LKQ Corporation et al v. General Motors Company et al, No. 1:2020cv02753 - Document 146 (N.D. Ill. 2021)

Court Description: MEMORANDUM OPINION AND ORDER: Signed by the Honorable Jeffrey Cole on 9/10/21. Mailed notice (yt)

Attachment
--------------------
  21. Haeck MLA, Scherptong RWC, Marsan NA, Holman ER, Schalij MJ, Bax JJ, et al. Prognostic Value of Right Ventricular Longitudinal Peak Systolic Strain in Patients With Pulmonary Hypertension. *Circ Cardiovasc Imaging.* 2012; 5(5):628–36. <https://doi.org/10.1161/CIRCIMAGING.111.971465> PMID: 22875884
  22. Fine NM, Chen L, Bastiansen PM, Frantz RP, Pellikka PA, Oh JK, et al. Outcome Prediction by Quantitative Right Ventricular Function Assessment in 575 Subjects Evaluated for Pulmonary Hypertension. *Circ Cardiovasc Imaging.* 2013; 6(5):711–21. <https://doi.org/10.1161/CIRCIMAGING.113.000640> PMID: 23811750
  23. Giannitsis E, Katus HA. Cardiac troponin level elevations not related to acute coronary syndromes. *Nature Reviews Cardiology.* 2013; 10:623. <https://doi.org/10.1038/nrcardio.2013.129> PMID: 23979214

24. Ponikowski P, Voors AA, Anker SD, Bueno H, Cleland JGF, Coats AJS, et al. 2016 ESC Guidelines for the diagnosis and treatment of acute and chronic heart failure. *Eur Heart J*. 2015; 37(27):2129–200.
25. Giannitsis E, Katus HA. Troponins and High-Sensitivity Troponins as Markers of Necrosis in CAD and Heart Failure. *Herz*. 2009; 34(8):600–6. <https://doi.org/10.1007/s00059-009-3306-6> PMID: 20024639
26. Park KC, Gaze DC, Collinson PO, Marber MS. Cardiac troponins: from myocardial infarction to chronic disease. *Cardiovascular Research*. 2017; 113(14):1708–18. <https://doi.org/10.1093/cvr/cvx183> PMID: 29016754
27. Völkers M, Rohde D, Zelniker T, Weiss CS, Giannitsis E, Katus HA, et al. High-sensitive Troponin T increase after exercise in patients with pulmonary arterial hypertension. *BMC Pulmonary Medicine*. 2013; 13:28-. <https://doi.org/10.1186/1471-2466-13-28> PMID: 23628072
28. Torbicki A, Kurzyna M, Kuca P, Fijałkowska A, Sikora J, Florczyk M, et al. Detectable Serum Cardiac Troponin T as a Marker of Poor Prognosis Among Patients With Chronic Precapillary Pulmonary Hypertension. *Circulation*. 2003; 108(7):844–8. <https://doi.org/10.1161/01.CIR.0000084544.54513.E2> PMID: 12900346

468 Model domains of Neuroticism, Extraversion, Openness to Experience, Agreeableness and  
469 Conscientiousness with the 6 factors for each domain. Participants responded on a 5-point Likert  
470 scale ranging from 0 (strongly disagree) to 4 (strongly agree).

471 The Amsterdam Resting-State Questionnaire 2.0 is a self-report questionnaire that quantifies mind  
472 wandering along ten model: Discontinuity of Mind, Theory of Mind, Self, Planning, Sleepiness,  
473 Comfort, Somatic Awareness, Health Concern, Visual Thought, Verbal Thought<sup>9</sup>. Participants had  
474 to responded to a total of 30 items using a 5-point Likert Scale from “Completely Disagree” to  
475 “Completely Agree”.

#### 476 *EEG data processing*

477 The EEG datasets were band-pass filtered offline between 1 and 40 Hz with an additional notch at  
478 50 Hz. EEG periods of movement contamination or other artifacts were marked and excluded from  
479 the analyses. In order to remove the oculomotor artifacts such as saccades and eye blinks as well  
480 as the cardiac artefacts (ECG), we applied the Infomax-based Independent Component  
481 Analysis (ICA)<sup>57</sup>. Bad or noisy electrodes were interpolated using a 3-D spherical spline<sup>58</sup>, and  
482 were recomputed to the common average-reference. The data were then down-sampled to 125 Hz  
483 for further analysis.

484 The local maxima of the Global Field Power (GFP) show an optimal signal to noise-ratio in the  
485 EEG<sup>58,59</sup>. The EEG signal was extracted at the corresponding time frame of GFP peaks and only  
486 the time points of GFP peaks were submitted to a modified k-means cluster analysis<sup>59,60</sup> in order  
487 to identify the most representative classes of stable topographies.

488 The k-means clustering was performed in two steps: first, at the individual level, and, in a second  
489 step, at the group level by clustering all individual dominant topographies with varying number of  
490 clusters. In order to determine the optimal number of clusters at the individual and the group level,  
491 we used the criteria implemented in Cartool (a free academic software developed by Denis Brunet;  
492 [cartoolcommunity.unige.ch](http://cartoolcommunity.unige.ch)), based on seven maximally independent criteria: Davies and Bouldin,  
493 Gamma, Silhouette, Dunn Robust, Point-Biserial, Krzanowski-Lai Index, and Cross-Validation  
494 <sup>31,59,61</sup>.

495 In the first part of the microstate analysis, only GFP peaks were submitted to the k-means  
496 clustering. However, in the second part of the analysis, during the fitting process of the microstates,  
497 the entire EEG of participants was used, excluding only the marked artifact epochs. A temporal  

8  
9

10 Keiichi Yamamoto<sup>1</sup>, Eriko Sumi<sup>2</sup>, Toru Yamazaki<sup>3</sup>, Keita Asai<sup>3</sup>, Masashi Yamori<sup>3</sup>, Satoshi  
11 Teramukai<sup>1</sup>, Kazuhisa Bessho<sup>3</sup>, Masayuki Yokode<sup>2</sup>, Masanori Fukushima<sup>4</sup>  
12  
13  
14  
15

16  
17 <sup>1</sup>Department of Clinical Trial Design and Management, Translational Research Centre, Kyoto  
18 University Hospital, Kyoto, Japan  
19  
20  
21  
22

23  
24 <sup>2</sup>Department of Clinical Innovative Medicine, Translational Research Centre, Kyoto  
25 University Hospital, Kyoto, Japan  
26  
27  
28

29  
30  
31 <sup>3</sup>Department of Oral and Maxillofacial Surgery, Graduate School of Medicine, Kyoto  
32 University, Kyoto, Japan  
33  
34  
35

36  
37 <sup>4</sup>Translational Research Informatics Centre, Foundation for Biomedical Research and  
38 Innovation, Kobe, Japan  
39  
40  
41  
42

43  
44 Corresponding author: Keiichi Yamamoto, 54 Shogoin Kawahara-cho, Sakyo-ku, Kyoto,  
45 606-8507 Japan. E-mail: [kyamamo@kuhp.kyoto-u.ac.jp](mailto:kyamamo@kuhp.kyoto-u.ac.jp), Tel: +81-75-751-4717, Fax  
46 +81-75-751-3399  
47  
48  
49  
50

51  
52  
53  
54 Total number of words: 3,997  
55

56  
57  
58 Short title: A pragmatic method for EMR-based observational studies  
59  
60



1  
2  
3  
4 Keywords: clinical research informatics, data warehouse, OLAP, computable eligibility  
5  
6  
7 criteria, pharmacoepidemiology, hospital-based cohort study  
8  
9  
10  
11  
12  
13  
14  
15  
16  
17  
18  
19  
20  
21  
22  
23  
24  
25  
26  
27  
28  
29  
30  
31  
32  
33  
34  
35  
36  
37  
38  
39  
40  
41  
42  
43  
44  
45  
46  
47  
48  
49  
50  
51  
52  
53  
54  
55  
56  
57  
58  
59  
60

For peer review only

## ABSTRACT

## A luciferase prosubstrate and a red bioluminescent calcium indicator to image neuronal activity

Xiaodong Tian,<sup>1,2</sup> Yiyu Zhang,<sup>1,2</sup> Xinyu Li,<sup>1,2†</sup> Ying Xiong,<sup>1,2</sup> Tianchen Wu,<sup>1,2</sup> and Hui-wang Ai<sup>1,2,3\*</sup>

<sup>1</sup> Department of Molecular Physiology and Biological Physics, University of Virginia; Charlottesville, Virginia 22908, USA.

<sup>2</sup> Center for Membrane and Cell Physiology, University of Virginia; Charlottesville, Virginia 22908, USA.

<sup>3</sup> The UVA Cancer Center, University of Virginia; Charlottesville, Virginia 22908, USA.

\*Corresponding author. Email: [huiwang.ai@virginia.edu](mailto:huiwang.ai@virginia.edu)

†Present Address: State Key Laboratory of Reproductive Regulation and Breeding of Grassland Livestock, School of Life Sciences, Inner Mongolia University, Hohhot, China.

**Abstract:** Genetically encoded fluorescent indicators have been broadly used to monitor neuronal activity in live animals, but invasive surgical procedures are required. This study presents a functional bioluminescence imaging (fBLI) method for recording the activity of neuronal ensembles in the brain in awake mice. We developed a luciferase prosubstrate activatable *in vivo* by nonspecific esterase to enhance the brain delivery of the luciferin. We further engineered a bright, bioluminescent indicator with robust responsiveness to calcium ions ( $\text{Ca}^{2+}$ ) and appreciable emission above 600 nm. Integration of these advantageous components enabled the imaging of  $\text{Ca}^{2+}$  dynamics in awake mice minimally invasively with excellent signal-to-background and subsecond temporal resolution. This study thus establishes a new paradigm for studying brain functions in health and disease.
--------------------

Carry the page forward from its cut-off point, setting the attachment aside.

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LKQ Corporation et al v. General Motors Company et al Doc. 146 Case: 1:20-cv-02753 Document #: 146 Filed: 09/10/21 Page 1 of 8 PageID #:2952 IN THE UNITED STATES DISTRICT COURT FOR THE NORTHERN DISTRICT OF ILLINOIS EASTERN DIVISION LKQ CORPORATION and KEYSTONE AUTOMOTIVE INDUSTRIES, INC. ) ) ) ) ) ) ) ) ) ) Plaintiff, v. GENERAL MOTORS COMPANY, et al., Defendants. No. 20 C 2753 Magistrate Judge Jeffrey Cole MEMORANDUM OPINION AND ORDER The plaintiff has filed a “Motion to Compel Responses to LKQ’s Requests for Production and Interrogatories.” For the following reasons, the motion [Dkt. #111] is granted in part and denied in part. This is the third motion in a series of three multi-faceted discovery disputes the parties have been unable to resolve despite Local Rule 37.2. This one entails 33 document requests and one interrogatory, which – especially when combined with the parties’ other two motions – calls into question whether the parties actually met and conferred in the objective good faith mandated by the Rule. In any event, the point the parties are presently at despite weeks and sometimes months of these disputes going on, is about the point most cases are at before there have been Local Rule 37.2 discussions. Unfortunately, the issues that divide the parties have seemingly not been pared down and/or crystalized in a fashion that would make for efficient judicial resolution. A. We begin with what is undisputed but is essential to a proper understanding of the disputes presently before the court. The resolution of discovery disputes is committed to the court's broad Dockets.Justia.com Case: 1:20-cv-02753 Document #: 146 Filed: 09/10/21 Page 2 of 8 PageID #:2953 discretion. King v. Ford Motor Co., 872 F.3d 833, 838 (7th Cir. 2017); Kuttner v. Zaruba, 819 F.3d 970, 974 (7th Cir. 2016). As we have discussed in earlier opinions in this case, discretion allows two decision-makers – on virtually identical facts – to arrive at opposite conclusions, both of which constitute appropriate exercises of discretion. See the discussion in LKQ Corp. v. General Motors Co., 2021 WL 4125097 (N.D. Ill. 2021). Thus, a negotiated outcome is more likely to give both sides at least a somewhat satisfactory resolution than can be obtained by seeking judicial involvement. But, that is often not possible, as the present dispute demonstrates. Here are the rulings on the many discovery requests presented here. They have been divided into the four categories the parties have chosen to employ in their filings. Buick Documents from Peugeot Plaintiff’s Request for Production (“RFP”) Nos. 4, 6, 47-53, 66, and 82-90 seek documents generally relating to the development of the vehicle and the design that led to the ‘825 patent. Those documents happen to be in the “possession, custody, or control” of a third-party, Peugeot, who acquired the Opel business from defendant, GM, in March 2017. But, when GM transferred Opel to Peugeot, the “Master Agreement” between Peugeot and GM provided that Peugeot: During the period that is the longer of (I) 5 years after the Closing date . . . (I) the Buyer shall and shall cause its Affiliates to: (A) maintain the books, accounts, and all other records held by it after the Closing to the extent that they relate to any Assets Buyer Designee or any Target Group Company and to the period up to the Closing (the “Sellers’ Records”); and (B) provide General Motors (at its cost) with reasonable access, during regular business hours and without unreasonable disruption to the business, to (and the right to take copies of) the Sellers’ Records, subject always to the provisions of Section 12.1 (Confidentiality) and applicable Law. The parties are arguing over whether GM has done enough to obtain the documents from Peugeot. According to GM’s response filing, it emailed Peugeot on March 24, 2021 and asked for the documents, citing the applicable section of the Master Agreement. But GM’s request was hopelessly 2 Case: 1:20-cv-02753 Document #: 146 Filed: 09/10/21 Page 3 of 8 PageID #:2954 vague, and, in order to facilitate a search, Peugeot responded promptly the next day and requested the following information: 1) The purpose of the litigation against LKQ. Who is the claimant/ the defendant? What's at stake? 2) Documents "related to the development of the 2018 Buick Regal exterior, including design development documents (including such things as design boards and other inspirational and conceptual materials), project management documents, and engineering drawings related to the exterior of the vehicle''. Do you have specific key words ? The names of the people involved? Is there any technical reference to the front hood that would ease the research? 3) The period and location at stake: When was the front hood designed? Was it designed in Russelsheim or somewhere else? [Dkt. #130-2]. GM replied the same day and provided the following information, which ought to have come in the original request: The litigation was initiated by LKQ, and they seek a declaration that one of GM's Design Patents-covering the design of the 2018 Buick Regal Hood is invalid. For your reference, I am attaching LKQ's complaint and a copy of the patent. In terms of information that would ease the research, the program was for the 2018 Buick Regal and the vehicle code was E2JB. In terms of a technical reference, the design was to the ornamental design of the hood so we're not currently aware of any further reference. Our understanding is that Niels Loeb was the designer on this project, and that he completed at least all front end design of this vehicle, including the hood. All design for this vehicle was completed in Russelsheim. With regard to timing, we believe that any information related to this project would be in the 2.01.3-2.01.7 time period. [Dkt. #130-2]. And that appears to have been it. It is not clear whether anything else went on between the defendant and Peugeot. Defendant claims it made “multiple requests” [Dkt. # 130, at 3] and “has exhausted its ability to obtain the 3 Case: 1:20-cv-02753 Document #: 146 Filed: 09/10/21 Page 4 of 8 PageID #:2955 Buick documents from Peugeot.” [Dkt. #130, at 5]. But, there is certainly no evidence of that. One email request, later supplemented with some information that should have been in the request in the first place – and perhaps an unspecified phone call or two – is weak, in terms of effort. This portion of plaintiff’ motion is granted. Defendant shall make a concerted, good faith effort to retrieve the documents and shall report those efforts back to plaintiff and the court in two weeks. In so doing, GM should take note of the terms of its agreement with Peugeot as – at least based on what it has filed with the court – it has ignored the provision stating that it is entitled to “reasonable access” to the records. Employment Agreements for Hyunkil Jeong, Youngho Jung, and former employee Niels Loeb GM claims it has performed a “reasonable and diligent search” and has been unable to locate a copy of any former agreements with Mr. Loeb. [Dkt. #130, at 5]. But, a lawyer's unsupported statement in a brief is not evidence. See United States v. Chapman, 694 F.3d 908, 914 (7th Cir. 2012); United States v. Diaz, 533 F.3d 574, 578 (7th Cir. 2008); Gunn v. Stevens §. & Training Servs., Inc., 2018 WL 1737518, at *2 (N.D. Ill. 2018). GM gives no indication to the court of what those efforts might have consisted. “Talk is cheap,” Planned Parenthood of Indiana and Kentucky v. Box, 949 F.3d 997, 998 (7th Cir. 2019), and “unfortunately... saying so doesn't make it so....” United States v. 5443 Suffield Terrace, Skokie, Ill., 607 F.3d 504, 510 (7th Cir.2010). Accord Madlock v. WEC Energy Group, Inc., 885 F.3d 465, 473 (7th Cir. 2018); Illinois Republican Party v. Pritzker, 973 F.3d 760, 770 (7th Cir. 2020); Donald J. Trump for President, Inc. v. Secy of Pennsylvania, 830 F. Appx 377, 381 (3d Cir. 2020)(“But calling an election unfair does not make it so. Charges require specific allegations and then proof. We have neither here.”). Even the Solicitor General’s unsupported assertions are not enough. Digital Realty Trust, Inc. v. Somers, _U.S._, 138 4 Case: 1:20-cv-02753 Document #: 146 Filed: 09/10/21 Page 5 of 8 PageID #:2956 S.Ct. 767, 779 (2018). Cf. Ashcroft v. Iqbal, 556 U.S. 662, 678 (2009)(Rule 8 does not “unlock the doors of discovery for a plaintiff armed with nothing more than conclusions.”). Why would attorneys who have decided they will hold out for months and require court intervention to resolve what should be a routine discovery matter then decide to withhold information about that matter from the court? One guess is because GM’s efforts to search for the documents were as poor as its efforts to obtain documents from Peugeot. As GM has failed to provide a meaningful, supported response to this portion of plaintiff’s motion, it is granted. GM shall produce the requested Loeb agreements within one week or provide plaintiff and the court with a sworn affidavit detailing its efforts, so that the court may determine if those efforts were sufficient and in good faith. As for the employment agreements of Hyunkil Jeong and Youngho Jung, as best as can be gleaned from the parties’ submissions, the real question is whether GM has control over those individuals that they might sit for a deposition. That matter has been addressed in the ruling on the plaintiff’s other motion to compel. Communications and confidentiality agreements with GM’s vendors, suppliers, and manufacturers RFP Nos. 78-81 seeks “All documents and things constituting, referring, or relating to communications or contracts with any third-party manufacturers and/or suppliers of any GM part that embodies and/or practices [each of the patents-in-suit], relating to any such part, occurring prior to [the critical date of each patent-in-suit].” RFP Nos. 96-99 seek “[d]ocuments sufficient to identify any disclosures of the [vehicles associated with the patents-in-suit” to any third-party, including but not limited to vendors, manufacturers, or consultants, prior to [the critical date of each patent-in-suit].” This second set of requests is obviously too broad. There are three parts at issue, 5 Case: 1:20-cv-02753 Document #: 146 Filed: 09/10/21 Page 6 of 8 PageID #:2957 not three entire vehicles. Production requests, therefore, ought to have been drafted limited to the parts at issue. Plaintiff’s counsel ought to have known this, as counsel recently wrote a brief complaining about GM production requests that went beyond the parts at issue. [Dkt. #120, at 4-5]. Accordingly, this portion of plaintiff’s motion is denied. As for the balance of these requests, GM’s argument against that seemingly relevant discovery is that plaintiff’s invalidity contentions do not mention confidentiality agreements. The reason for that, however, appears to be that GM dragged its feet in responding to discovery. Plaintiff requested consumer survey and vendor documents back on August 31, 2020, but GM failed to respond fully until January 13, 2021, regarding survey documents, and until April 30, 2021, regarding vendor documents. By then, there was little or no time for plaintiff to address such disclosures in its invalidity contentions. The state of those contentions and whether they may be amended is, of course, a substantive matter for the trial court. Here, the concern is discovery and, in that context, it has to be said that plaintiff requests are appropriate. Indeed, the cases GM relies upon say nothing about whether discovery is inappropriate in this instance. The cases all deal with substantive issues, and matters for trial, which, again, are not only inapposite here, but beyond the scope of a discovery referral. Indeed, the discussions in those cases suggests that the very type of discovery GM is hoping to thwart here was allowed. See, e.g., Avnet, Inc. v. Motio, Inc., 2016 WL 3365430, at *6 (N.D. Ill. 2016)(the Boeing SDK engagement produced in discovery); Medline Indus. v. C.R. Bard Inc., 511 F. Supp. 3d 883, 897 (N.D. Ill. 2021) (prior art that was already disclosed or uncovered); Pactiv Corp. v. Multisorb Techs. Inc., 2013 WL 6 Case: 1:20-cv-02753 Document #: 146 Filed: 09/10/21 Page 7 of 8 PageID #:2958 2384249, at *3 (N.D. Ill. 2013)(prior art that was already disclosed or uncovered).1 Rule 30(b)(6) topics relating to the prosecution of each of the patents-in-suit Here, again, the parties appear to be fighting over the state of plaintiff’s invalidity contentions, with GM refusing to provide a witness as to the topics at issue because plaintiff included only a “vague placeholder for a potential inequitable conduct claim in its contentions.” But, again, GM seems bent on litigating substantive issues in a discovery dispute. The cases it relies upon should be a signal: they deal with substantive motions and/or motions filed long after the close of discovery. See Exergen Corp. v. Wal-Mart Stores, Inc., 575 F.3d 1312, 1322 (Fed. Cir. 2009)(appeal from jury verdict); Sun-Flex Co., v. Softview Comput. Prods. Corp., 750 F. Supp. 962, 963 (N.D. Ill. 1990) (motion to strike defendant’s affirmative defense); Heidelberg Harris, Inc. v. Mitsubishi Heavy Indus. Ltd., 1996 WL 680243, at *2 (N.D. Ill. 1996) (pre-trial motion in limine). If GM wishes to get to the substantive issues in this case – or eliminate some substantive issues in this case – it is, of course, free to do so. But it cannot shirk its discovery obligations because it thinks it will, at some point, have some good arguments for a motion to dismiss or for a motion for summary judgment. See Frank H. Easterbrook, Discovery As Abuse, 69 B.U.L. Rev. 635, 639 (1989)(“One common form 1 GM also claims in its response brief – apparently for the first time since the documents were requested months ago – that many of the documents plaintiff requested “appear to have been deleted or destroyed years before [plaintiff] filed this case.” [Dkt. #130, at 8]. But this is another completely unsupported and vague claim by counsel. As has been noted earlier, “saying so doesn’t make it so.” See supra at 4. “Lawyers’ talk is no substitute for data.” Phillips v. Allen, 668 F.3d 912, 916 (7th Cir. 2012). Even declarations by lawyers in certain circumstances may not suffice. See, e.g., FTC v. Advocate Health Care Network, 162 F.Supp.3d 666, 671 (N.D. Ill. 2016)(in-house counsel filed false declaration in support of position advocated by employer). What documents were destroyed? When? By whom? Why? If there was some “standard practice,” what was it? To make matters worse, as already noted, this excuse comes very late in the game. If GM was really meeting and conferring in good faith as Local Rule 37.2 requires, this ought to have come out months ago. As these sketchy and unsupported claims and excuses accumulate, they do not aid GM’s claims in this case. 7 Case: 1:20-cv-02753 Document #: 146 Filed: 09/10/21 Page 8 of 8 PageID #:2959 of unnecessary discovery (and therefore a ready source of threatened discovery) is delving into ten issues when one will be dispositive. A magistrate lacks the authority to carve off the nine unnecessary issues; for all the magistrate knows, the judge may want evidence on any one of them.”). And as for GM’s unspecified claims of privilege, appropriate objections can be made to questions at the depositions should they actually delve into privileged areas and seek privileged information. Accordingly, this portion of plaintiff’s motion is also granted. ENTERED: UNITED STATES MAGISTRATE JUDGE DATE: 9/10/21 8